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Lubrication for Life, Lubricant Selection is Often Overlooked in the Design Process - Part 5 

We have come to the last installment of our discourse on proper lubricant selection for rolling-element ball bearings. We hope the previous posts have provided you with a clear understanding of all the variables involved in this critical process. In this final AST blog installment we will examine how environments can affect the ideal choice. 

The following is Part 5 of a five-part post. You can read Part 4 here, Part 3 here, Part 2 here and Part 1 here.


Examples of Applications 

Typical environments include factory and industrial sites, dirt and contaminants, humidity, and wash down areas. Typical properties of a grease that is suitable for the majority of motor applications:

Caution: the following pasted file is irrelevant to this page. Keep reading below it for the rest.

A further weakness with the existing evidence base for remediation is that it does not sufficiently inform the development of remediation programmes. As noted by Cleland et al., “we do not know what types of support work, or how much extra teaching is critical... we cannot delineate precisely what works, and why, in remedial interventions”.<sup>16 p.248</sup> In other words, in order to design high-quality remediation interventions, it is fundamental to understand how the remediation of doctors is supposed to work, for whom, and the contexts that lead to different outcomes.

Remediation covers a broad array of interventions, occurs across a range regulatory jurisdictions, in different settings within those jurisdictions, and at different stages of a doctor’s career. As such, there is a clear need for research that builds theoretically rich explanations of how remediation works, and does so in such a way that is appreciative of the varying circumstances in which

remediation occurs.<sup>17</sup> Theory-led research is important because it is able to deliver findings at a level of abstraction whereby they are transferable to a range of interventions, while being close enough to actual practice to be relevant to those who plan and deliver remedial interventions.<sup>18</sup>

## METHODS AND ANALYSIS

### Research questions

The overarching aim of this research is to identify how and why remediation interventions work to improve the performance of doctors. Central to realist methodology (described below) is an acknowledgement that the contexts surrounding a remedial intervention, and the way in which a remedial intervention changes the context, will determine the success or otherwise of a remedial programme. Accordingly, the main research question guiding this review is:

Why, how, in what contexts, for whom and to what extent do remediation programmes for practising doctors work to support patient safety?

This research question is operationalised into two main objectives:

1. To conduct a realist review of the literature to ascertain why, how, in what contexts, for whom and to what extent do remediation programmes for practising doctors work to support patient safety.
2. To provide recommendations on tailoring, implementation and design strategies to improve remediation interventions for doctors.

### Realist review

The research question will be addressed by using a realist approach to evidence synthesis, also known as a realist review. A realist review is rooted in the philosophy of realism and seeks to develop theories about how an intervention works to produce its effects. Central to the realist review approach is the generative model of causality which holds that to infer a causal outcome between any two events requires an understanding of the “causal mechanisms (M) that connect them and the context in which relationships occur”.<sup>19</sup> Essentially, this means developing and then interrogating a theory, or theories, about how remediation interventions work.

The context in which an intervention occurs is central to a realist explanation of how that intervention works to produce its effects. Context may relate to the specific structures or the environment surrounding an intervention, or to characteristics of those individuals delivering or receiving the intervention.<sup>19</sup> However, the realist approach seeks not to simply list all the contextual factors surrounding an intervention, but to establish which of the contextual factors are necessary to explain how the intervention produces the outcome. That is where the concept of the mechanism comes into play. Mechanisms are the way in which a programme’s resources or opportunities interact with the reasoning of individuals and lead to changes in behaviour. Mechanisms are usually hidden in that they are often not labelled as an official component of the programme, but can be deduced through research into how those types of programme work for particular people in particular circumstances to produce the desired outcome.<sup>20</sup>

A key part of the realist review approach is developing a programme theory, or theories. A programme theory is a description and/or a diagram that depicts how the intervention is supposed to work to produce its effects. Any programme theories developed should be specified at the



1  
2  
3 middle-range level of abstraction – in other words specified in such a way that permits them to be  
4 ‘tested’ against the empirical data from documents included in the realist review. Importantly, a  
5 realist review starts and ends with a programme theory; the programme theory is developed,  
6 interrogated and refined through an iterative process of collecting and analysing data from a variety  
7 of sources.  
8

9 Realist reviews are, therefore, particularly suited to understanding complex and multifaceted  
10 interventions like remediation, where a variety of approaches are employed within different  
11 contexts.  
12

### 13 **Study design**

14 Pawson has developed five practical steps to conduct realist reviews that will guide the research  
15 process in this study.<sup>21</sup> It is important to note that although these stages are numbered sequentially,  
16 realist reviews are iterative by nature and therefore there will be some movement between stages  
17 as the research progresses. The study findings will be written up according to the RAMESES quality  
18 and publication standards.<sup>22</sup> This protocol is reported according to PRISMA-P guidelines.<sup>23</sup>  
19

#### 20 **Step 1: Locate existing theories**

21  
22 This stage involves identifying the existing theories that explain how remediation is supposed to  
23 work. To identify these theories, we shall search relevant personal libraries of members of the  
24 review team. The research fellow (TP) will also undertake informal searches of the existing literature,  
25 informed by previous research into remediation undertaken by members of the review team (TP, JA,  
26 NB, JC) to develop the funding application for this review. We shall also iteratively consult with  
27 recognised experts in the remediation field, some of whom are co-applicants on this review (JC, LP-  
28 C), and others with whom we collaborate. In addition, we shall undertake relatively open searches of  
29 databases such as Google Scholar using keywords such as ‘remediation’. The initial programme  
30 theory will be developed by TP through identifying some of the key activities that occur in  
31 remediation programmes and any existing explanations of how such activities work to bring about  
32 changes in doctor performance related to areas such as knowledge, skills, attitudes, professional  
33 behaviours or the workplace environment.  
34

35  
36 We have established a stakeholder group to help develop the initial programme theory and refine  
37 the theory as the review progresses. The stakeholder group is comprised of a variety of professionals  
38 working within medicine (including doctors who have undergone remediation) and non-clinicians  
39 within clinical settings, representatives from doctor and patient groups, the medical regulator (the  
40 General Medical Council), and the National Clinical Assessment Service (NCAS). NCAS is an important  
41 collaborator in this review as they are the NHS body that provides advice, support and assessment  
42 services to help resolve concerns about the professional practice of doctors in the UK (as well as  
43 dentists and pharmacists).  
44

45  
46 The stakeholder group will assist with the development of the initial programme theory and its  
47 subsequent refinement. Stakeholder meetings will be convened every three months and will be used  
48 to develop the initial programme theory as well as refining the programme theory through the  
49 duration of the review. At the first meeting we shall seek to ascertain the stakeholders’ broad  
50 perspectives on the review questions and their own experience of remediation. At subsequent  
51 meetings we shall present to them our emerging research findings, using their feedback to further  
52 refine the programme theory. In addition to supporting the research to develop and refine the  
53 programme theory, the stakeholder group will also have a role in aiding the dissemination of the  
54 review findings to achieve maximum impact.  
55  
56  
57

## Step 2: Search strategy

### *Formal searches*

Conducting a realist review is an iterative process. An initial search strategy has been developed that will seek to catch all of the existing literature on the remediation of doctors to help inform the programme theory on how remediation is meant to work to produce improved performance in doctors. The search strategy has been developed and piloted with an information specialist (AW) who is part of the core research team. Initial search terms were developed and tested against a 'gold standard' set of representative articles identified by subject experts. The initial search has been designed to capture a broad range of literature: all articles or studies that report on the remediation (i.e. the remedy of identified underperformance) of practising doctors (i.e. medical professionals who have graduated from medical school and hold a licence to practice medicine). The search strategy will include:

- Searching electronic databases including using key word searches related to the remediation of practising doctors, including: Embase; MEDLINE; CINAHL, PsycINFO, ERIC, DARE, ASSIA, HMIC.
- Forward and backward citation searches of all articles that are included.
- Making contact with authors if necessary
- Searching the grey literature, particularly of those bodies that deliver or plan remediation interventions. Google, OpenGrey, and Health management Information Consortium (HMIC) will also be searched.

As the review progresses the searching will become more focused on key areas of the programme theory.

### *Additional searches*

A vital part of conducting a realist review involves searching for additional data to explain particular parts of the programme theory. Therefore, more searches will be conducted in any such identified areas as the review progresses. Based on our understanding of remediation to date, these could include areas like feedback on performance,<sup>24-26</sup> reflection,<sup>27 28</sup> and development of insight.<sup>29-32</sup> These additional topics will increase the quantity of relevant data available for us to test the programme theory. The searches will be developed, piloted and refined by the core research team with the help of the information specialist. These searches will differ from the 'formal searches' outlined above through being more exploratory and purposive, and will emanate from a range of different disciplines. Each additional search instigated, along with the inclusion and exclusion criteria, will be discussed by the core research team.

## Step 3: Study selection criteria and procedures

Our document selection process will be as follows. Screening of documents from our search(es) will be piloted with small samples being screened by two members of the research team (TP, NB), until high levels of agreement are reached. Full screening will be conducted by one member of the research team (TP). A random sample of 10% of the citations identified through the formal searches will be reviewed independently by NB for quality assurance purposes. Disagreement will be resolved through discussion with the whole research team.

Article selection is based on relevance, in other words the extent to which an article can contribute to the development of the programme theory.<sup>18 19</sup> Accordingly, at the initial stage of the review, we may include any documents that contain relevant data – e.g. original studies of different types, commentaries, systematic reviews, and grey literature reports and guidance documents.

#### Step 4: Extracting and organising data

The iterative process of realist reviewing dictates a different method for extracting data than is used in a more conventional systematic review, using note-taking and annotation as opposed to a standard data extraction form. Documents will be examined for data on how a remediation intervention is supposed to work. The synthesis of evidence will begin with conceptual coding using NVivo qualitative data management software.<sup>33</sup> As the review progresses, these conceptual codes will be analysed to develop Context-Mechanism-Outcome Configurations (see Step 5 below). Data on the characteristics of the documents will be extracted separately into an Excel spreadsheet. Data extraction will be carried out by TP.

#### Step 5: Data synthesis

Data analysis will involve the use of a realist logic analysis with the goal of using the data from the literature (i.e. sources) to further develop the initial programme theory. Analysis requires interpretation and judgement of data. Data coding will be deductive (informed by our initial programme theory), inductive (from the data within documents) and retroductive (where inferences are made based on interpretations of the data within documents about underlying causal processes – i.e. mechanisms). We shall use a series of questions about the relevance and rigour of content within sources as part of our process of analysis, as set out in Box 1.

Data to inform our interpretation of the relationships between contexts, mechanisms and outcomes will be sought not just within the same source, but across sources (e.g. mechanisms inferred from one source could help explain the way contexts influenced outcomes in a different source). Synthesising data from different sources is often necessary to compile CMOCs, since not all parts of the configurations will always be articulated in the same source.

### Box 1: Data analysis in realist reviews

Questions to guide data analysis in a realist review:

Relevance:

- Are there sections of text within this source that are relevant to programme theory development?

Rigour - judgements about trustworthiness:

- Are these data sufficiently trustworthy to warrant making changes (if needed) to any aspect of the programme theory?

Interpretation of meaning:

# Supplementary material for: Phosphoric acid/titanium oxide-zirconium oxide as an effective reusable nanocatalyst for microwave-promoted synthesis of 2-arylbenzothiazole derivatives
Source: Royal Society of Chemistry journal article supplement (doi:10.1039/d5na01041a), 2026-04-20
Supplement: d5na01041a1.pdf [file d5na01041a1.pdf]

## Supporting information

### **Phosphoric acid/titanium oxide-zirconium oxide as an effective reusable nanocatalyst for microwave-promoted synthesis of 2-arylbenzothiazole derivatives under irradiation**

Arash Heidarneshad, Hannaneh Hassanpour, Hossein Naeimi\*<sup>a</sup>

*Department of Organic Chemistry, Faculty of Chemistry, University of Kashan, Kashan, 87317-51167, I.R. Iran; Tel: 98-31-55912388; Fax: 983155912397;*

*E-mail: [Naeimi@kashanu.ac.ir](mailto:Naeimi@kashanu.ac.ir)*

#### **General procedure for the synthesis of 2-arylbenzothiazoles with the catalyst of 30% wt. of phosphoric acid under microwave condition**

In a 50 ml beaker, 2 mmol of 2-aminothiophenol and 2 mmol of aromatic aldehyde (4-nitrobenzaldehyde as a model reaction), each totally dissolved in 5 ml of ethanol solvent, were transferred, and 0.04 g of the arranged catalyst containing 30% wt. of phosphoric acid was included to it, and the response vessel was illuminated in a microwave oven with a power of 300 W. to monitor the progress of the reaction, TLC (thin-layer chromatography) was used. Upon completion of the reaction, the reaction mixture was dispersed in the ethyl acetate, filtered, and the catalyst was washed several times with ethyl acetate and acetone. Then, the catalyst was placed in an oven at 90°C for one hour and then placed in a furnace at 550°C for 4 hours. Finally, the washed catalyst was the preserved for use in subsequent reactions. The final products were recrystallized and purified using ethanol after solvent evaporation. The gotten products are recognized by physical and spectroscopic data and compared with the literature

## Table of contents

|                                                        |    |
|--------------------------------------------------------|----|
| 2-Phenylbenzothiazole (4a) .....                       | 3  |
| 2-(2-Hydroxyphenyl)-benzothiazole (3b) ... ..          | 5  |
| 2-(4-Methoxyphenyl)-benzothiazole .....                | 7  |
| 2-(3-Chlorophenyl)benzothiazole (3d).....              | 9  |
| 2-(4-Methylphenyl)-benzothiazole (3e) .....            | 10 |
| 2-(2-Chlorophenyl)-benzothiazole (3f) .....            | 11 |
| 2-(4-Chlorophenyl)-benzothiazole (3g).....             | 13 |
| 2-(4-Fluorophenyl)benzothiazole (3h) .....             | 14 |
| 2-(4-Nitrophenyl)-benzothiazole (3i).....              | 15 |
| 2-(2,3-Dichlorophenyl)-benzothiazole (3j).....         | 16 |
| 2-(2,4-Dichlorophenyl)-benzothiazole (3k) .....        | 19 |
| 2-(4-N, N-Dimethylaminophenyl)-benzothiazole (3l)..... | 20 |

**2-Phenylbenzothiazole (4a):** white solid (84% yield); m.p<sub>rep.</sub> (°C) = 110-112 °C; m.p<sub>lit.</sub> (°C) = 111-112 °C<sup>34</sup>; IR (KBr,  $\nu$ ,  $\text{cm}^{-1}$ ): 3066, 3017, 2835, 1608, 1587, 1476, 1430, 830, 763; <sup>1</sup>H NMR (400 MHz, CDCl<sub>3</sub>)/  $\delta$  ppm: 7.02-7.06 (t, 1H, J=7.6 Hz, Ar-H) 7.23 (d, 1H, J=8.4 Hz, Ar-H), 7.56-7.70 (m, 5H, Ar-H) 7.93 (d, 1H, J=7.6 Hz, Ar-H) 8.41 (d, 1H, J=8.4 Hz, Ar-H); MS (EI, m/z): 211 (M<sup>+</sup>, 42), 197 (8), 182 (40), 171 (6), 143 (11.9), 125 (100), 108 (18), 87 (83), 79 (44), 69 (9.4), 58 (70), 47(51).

• NLGI Grade 2
  • Mineral or Synthetic base oil
  • Thickener formulation that provides durability against mechanical shear forces
  • Low noise properties
  • Corrosion resistance
  • Operating Temperature Range of around -20°F to +350°F

High speed operation - The DN value, bearing bore diameter in mm X RPM, can be used to determine if the bearing is operating at high speed. DN values over 1.5 million warrant a high speed lubricant. Or, a safe rule of thumb is - if the bearing operates at over 70% of permissible speed value listed in the catalog, a lubricant for high speed should be selected. High speed greases typically have base oils with lower kinematic viscosity. At high speeds, higher viscosities lead to excess heat generation. Also, the stiffness of the grease should be considered. A grease that has channeling properties is often desirable. Channeling greases are more easily pushed out of the way by the rolling element as the bearing rotates, and stays out of the way. This results in less churning and less temperature gain. Greases that are non-channeling, or slumping, flow back into the ball path and can result in the generation of excess heat.